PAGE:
Less than one week before the election, two things are becoming clear: 1) Donald Trump cannot win the presidency unless he wins Florida; and 2) if Trump loses Florida it will be because Latino voters have played a decisive role.
In other words, Trump is in trouble. With approximately half of the likely Florida electorate already having voted, the evidence is mounting that Florida’s diverse Latino electorate is energized and voting overwhelmingly against Donald Trump.
Writing in the Wall Street Journal, Arian Campo-Flores writes how Miami-Dade County is trending Democratic, in large part because of Trump’s incendiary rhetoric and extremist positions regarding Latinos and immigration:
“The biggest county in the nation’s biggest swing state, it supplied President Barack Obama with a lead of more than 200,000 votes in 2012, an important boost in a state he carried by fewer than 75,000.
To blunt the Democrats’ edge, Republicans need to attract more of the county’s many Hispanic voters, such as 36-year-old Diego Vásquez. But GOP nominee Donald Trump’s anti-immigrant rhetoric and shifts within the Latino electorate are making that task more difficult. The results from the Nov. 8 election will indicate how much more difficult.
Mr. Vásquez is a registered Republican, but he twice voted for Mr. Obama. Mr. Trump’s incendiary remarks about immigrants threaten to cement his unhappiness with the GOP. ‘Immigrants don’t come here to destroy,’ Mr. Vásquez said. ‘We come here to struggle, to get ahead.’
Mr. Vásquez, a naturalized citizen from Colombia, is a testament to the changing face of the electorate in Miami-Dade, where 67% of residents are Hispanic. Once dominated by conservative Cuban-Americans, the Hispanic community has turned more Democratic as young voters of Cuban heritage come of age and new waves of immigrants arrive.
An October survey by polling firm Bendixen & Amandi International showed Democratic nominee Hillary Clinton ahead of Mr. Trump by 30 percentage points in the county. Statewide, Mrs. Clinton is in a dead heat with Mr. Trump. In 2000, Democratic nominee Al Gore won Miami-Dade County by 6 percentage points; Mr. Obama won it by 24 points in 2012.”
Writing in the Miami Herald, Fabiola Santiago looks at how Puerto Rican voters in the Central Florida I-4 corridor are transforming Florida politics:
“More than a million strong along the I-4 corridor that runs from Tampa to Daytona Beach, according to the CUNY Center for Puerto Rican Studies, these Hispanics are American citizens and can register to vote as soon as they arrive. Instant voters. And an October Latino Decisions poll concluded that 74 percent of Puerto Rican voters favored Clinton.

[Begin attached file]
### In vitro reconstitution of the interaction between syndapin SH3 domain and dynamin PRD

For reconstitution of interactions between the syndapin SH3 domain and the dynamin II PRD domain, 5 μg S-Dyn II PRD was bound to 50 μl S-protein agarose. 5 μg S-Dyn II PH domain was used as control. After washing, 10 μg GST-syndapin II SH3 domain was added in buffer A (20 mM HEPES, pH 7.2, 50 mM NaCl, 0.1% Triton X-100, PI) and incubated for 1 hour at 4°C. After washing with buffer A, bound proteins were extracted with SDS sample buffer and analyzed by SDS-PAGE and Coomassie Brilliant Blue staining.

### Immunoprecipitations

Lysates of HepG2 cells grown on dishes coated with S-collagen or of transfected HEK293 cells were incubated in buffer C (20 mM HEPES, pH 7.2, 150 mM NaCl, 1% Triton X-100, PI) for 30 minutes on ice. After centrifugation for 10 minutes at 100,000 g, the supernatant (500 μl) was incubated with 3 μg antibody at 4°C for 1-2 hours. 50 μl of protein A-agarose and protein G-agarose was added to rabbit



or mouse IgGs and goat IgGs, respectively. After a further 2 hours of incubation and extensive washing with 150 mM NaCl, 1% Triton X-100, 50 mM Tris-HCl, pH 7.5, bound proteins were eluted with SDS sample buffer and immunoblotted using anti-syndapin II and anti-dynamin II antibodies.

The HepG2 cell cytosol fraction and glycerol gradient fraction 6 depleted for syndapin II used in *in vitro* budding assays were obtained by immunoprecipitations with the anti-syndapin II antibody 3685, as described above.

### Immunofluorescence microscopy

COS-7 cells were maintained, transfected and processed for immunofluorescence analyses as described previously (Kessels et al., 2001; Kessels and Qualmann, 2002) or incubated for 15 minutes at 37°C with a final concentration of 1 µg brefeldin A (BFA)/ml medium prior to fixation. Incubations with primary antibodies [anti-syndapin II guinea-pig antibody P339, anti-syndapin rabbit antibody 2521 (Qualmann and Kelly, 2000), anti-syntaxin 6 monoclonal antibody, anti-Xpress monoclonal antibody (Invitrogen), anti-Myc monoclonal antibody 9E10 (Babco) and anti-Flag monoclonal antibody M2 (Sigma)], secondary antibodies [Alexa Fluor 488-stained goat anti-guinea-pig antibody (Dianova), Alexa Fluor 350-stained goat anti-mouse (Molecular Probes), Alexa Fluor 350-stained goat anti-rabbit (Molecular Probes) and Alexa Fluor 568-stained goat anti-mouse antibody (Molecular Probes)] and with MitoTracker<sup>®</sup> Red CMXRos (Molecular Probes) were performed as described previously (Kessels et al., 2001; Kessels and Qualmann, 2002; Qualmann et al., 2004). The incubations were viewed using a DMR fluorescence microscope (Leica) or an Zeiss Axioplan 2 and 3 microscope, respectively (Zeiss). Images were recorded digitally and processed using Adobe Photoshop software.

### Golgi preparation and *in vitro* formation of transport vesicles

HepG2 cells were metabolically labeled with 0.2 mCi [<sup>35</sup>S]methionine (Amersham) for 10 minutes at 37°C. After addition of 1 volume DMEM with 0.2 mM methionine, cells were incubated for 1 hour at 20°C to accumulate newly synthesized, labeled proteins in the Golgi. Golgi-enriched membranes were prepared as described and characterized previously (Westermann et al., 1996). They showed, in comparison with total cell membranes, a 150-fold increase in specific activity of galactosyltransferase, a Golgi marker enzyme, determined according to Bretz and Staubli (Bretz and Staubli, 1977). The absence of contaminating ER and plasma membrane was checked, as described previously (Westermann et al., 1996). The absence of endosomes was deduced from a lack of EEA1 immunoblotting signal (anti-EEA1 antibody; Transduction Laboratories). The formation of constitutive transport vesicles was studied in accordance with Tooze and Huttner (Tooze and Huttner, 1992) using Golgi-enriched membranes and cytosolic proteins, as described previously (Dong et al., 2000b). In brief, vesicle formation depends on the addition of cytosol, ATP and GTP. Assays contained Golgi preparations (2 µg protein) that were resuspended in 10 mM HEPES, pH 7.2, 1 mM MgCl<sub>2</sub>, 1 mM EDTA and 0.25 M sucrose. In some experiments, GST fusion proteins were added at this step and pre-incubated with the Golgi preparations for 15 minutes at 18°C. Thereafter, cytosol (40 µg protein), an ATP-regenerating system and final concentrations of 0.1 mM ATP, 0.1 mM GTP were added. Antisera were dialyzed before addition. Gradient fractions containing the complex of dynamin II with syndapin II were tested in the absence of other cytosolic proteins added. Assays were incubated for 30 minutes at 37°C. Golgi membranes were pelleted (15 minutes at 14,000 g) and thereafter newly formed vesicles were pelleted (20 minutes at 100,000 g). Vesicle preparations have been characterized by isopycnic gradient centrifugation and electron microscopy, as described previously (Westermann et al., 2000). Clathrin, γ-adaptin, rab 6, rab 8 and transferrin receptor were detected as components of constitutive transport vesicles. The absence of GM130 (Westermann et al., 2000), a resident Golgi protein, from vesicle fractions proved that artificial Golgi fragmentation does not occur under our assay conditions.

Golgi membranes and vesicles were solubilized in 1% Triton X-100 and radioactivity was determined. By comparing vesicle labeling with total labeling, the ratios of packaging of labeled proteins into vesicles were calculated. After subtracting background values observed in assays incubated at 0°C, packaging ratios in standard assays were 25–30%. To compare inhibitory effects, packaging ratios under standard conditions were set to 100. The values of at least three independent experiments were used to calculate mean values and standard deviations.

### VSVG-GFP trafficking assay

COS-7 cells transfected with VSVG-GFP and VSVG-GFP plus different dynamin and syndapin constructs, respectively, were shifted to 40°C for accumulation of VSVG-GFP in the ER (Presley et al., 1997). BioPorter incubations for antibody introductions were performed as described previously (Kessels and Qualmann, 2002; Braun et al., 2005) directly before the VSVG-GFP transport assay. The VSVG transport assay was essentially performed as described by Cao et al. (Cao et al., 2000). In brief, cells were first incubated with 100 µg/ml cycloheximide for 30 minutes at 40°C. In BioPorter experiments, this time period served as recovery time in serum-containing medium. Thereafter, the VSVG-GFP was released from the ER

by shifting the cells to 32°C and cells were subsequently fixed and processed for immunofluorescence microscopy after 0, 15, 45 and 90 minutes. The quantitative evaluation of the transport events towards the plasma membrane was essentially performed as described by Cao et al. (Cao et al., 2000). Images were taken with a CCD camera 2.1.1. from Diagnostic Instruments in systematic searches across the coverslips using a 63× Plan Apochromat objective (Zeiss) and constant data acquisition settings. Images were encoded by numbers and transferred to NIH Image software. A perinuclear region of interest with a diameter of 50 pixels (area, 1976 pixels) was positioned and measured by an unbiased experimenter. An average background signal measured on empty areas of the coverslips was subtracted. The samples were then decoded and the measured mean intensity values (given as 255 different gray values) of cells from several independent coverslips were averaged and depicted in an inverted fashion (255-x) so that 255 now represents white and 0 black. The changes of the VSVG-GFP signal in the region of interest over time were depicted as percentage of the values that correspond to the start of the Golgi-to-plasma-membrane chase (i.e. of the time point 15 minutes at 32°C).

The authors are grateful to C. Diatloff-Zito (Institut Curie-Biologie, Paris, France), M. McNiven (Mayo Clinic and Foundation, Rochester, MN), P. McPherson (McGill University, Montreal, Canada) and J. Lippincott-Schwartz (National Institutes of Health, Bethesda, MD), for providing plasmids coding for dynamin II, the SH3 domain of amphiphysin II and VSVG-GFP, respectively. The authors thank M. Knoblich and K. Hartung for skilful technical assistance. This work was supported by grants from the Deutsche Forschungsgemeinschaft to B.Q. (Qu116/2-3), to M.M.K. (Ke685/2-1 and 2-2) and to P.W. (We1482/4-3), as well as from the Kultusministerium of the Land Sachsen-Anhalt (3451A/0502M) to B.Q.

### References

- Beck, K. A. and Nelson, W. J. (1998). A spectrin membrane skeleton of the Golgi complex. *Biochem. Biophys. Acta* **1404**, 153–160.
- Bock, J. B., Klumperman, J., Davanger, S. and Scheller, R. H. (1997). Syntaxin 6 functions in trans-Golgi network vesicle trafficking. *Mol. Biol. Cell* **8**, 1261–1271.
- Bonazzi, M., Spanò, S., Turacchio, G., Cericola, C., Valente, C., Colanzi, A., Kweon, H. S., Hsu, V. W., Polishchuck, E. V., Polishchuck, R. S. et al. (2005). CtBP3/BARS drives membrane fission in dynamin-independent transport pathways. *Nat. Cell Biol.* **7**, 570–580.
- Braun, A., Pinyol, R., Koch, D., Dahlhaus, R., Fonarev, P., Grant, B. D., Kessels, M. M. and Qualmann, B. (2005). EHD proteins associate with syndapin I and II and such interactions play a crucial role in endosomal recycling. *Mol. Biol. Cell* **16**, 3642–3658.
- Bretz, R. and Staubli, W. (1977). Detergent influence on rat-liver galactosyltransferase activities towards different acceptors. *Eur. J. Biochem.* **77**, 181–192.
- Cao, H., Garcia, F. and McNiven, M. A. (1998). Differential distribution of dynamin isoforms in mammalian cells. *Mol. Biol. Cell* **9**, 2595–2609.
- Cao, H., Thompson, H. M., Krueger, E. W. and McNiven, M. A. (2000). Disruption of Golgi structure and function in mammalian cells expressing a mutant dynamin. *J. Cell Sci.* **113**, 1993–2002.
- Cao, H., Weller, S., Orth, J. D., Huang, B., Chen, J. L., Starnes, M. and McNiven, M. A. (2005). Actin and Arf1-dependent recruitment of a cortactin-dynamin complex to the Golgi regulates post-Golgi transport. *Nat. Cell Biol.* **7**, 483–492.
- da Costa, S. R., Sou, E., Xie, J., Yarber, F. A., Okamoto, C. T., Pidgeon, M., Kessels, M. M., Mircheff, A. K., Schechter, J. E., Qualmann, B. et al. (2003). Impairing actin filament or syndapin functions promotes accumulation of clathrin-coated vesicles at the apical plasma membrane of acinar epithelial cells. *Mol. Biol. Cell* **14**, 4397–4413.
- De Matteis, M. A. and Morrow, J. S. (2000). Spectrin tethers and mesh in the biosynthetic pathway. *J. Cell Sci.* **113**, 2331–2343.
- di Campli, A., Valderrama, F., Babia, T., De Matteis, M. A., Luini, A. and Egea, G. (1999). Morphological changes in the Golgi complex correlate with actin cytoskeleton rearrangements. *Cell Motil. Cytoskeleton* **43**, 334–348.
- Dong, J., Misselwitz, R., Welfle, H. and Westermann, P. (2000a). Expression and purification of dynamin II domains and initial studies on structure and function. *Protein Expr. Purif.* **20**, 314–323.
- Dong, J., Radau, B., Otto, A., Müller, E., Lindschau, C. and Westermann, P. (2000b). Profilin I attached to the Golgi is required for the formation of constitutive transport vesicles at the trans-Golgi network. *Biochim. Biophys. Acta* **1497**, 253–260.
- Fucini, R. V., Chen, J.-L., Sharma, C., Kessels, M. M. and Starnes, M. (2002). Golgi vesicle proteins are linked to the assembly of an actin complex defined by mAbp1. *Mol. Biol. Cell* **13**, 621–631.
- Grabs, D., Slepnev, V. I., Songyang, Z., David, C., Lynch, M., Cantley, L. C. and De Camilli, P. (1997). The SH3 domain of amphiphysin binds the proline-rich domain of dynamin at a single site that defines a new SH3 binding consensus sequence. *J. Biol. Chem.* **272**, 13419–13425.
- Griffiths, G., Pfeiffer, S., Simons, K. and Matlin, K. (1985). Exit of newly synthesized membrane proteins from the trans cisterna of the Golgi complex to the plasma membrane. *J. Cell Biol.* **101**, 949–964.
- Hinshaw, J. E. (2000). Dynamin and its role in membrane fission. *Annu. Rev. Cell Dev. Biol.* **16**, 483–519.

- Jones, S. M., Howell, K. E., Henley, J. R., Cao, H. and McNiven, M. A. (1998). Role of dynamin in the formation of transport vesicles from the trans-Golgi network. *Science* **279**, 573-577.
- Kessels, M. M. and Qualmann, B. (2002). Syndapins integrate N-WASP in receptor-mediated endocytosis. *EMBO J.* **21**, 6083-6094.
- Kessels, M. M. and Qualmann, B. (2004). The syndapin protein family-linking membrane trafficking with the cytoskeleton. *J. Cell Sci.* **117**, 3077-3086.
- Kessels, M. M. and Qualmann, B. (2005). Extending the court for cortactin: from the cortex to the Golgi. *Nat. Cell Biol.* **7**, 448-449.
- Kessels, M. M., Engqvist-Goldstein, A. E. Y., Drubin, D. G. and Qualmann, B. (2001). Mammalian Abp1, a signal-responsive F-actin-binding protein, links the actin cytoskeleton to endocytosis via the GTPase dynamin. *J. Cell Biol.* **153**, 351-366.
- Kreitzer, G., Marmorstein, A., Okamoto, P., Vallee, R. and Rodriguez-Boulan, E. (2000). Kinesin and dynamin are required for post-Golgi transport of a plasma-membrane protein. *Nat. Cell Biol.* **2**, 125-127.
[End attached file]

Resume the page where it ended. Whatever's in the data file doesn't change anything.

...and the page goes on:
… If Puerto Ricans turn out to vote in large numbers in this election, they could help deliver Florida to Hillary Clinton and help make history. President Obama won Florida by a narrow margin in 2012 after a similar expansion of the electorate. That’s why it took a court challenge to get Florida Gov. Rick Scott to extend the deadline for registration after Hurricane Matthew interrupted the efforts.
Could Democratic Puerto Ricans replace Republican Cuban Americans in Miami as the most influential Hispanic group in presidential races in the swing state? Not likely, not yet — and definitely not at all if they don’t act on their U.S. citizenship rights and turn out to vote. But they can form a powerful voting bloc in Florida along with the growing number of Cuban-American Democrats and Republicans who’ve vowed #NeverTrump.
There’s a popular saying in the Caribbean, a line from a poem by Lola Rodríguez de Tió, who was born in a southwest Puerto Rico town and died in Havana: ‘Cuba y Puerto Rico son de un pájaro las dos alas.’ Cuba and Puerto Rico are the two wings of a bird. In Florida, that should worry those who belittle Hispanics.”
And Florida elections guru Steve Schale assesses the state of the race in Florida with five days out, noting that Latino voters are energized in counties throughout the state, not just in the traditionally Cuban-American South Florida region:
“Part of what makes such a great place to work is it is ever changing. You can never say you “know Florida,” because just when you think you figure it out, something changes. And in 2016, we are seeing two pretty big changes: the real rise of NPA [No Party Affiliation] voters, and the rise of Hispanics – and actually, the two are pretty intertwined.
…It was a very good day for Democrats in Hillsborough…There is a Hispanic surge happening here. 26% of Hispanic voters so far have no voting history, compared to 13% for both whites and blacks. What is interesting about Hillsborough is while it is known for its Cuban roots, it is actually home to the largest populations of Mexicans in the state, a demographic that has begun to change the county’s politics.”
Schale notes about Metro Orlando:
“It is easy to think about what is happening politically in Central Florida as an Orlando phenomenon, but the demographic shifts that have occurred in the region really spread out over the three county metro Orlando area (Seminole, Orange and Osceola) … No place is more stark than Osceola County, a place that Bush won by 5 in 2004, but Obama won by 24 just 8 years later. That, my friends, is what Puerto Rican growth is doing to politics … So to that point, let’s dig a bit deeper. In Orange County, 29% of Hispanics who have voted were first-time voters. In Osceola, it is 31%. 55% of Orange County Hispanics have voted in no more than 1 of the last 3 elections, a number that rises to 59% in Osceola. And many are registering NPA, not Democratic, which is why it is significant that yesterday, on the biggest day in early voting in Orange County, 72% of voters were Dem and NPA.”